Mohamed Bazoum, Niger’s democratically elected president, has not fed well in the past few days. He says the military junta that overthrew him is treating him badly in isolation.
He laments that they are refusing to transfer power by keeping him in isolation and making him eat only dry rice and pasta.
In a series of texts to a friend, Bazoum said that the CNN had access to the fact that he had been “deprived of all human contact” since Friday.
He made it known that no one had been bringing him food or medicine.
Lack Of Electricity
The elected president claimed that since Nigeria cut off the electricity in response to the coup, all Nigerien citizens have been experiencing a week-long period of living without electricity.
He says all of the perishable food supplies had since gone bad, and he is now eating dry pasta and rice.
Though denied the chance to speak with acting US Deputy Secretary of State Victoria Nuland during her visit to Niamey, the Nigerien capital, on Monday, Bazoum has been in contact with the outside world.
Bazoum In High Spirits
Also, the prime minister in Mohamed’s government, Ouhoumoudou Mahamadou, told French TV that the president was in good spirits despite being held in a “catastrophic situation”.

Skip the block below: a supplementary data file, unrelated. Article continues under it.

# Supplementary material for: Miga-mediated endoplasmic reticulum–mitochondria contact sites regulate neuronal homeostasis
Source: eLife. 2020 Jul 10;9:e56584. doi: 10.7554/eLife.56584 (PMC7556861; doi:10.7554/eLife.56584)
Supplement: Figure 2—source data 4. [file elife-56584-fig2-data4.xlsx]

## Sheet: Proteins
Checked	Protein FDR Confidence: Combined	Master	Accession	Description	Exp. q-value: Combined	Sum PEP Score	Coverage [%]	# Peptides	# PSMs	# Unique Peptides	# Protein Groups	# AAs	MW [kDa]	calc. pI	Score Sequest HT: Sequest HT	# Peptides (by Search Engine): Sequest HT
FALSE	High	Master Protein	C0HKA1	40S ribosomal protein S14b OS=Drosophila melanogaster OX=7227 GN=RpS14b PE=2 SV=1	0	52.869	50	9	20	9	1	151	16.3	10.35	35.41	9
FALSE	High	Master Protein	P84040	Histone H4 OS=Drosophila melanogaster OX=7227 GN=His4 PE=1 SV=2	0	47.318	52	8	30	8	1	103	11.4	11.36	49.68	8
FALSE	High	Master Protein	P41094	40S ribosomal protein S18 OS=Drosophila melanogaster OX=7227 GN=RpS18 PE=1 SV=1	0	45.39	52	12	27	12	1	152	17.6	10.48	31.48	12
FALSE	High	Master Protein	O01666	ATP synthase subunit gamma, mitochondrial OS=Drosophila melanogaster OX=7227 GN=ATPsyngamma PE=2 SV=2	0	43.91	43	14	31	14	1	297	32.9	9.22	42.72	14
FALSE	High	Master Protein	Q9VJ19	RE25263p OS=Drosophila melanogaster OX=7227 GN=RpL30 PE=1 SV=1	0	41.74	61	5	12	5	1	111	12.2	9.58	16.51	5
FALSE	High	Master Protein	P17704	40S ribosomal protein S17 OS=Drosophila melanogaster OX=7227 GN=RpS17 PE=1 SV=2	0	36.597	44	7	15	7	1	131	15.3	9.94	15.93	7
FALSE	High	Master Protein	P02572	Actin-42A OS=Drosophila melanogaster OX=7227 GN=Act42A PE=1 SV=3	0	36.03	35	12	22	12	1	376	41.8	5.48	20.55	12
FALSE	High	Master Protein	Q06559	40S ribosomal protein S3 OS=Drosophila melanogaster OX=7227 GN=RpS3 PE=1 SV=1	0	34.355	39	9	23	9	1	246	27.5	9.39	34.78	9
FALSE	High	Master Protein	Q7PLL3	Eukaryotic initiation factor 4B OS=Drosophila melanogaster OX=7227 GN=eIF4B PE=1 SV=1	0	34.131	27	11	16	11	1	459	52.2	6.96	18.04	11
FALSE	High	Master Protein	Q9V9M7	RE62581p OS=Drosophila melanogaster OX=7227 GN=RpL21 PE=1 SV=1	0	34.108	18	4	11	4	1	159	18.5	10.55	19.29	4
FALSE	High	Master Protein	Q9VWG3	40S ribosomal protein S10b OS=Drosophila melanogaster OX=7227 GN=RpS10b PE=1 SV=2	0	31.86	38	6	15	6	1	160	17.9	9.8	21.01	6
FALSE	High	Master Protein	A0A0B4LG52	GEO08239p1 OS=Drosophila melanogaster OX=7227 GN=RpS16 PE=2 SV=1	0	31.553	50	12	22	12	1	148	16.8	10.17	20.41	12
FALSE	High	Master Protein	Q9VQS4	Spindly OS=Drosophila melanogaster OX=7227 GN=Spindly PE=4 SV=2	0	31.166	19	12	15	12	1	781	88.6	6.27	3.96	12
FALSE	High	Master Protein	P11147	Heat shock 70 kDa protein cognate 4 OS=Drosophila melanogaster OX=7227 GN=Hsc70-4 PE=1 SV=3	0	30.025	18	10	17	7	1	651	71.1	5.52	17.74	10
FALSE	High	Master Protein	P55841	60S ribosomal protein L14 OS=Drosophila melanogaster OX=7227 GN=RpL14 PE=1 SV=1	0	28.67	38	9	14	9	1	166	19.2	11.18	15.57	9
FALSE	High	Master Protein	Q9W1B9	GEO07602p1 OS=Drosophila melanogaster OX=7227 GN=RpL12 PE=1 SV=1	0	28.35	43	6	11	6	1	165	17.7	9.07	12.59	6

Nuland’s meeting on Monday with senior coup leaders lasted more than two hours, consisting of “extremely frank and at times quite difficult” conversations.
A Tuesday face-to-face meeting that was supposed to take place in Niamey between the junta and representatives from the United Nations, the Economic Community of West African States (ECOWAS) was canceled at short notice.
Junta leaders said in a letter that the postponement of the meeting was “necessary” in “this atmosphere of threatened aggression against Niger”.
Dialogue With ECOWAS
However, Mahamadou, Bazoum’s prime minister, told French state-funded broadcaster TV5-Monde that the junta would like to continue dialogue with ECOWAS, the bloc that has been leading the regional response to the political crisis in Niger.
ECOWAS leaders are due to meet on Thursday in Nigeria to discuss the coup, though specifics regarding the gathering remain unclear.
The regional bloc had given the junta one week to return to their barracks and reinstall Bazoum, but that deadline came and went on Sunday without any change.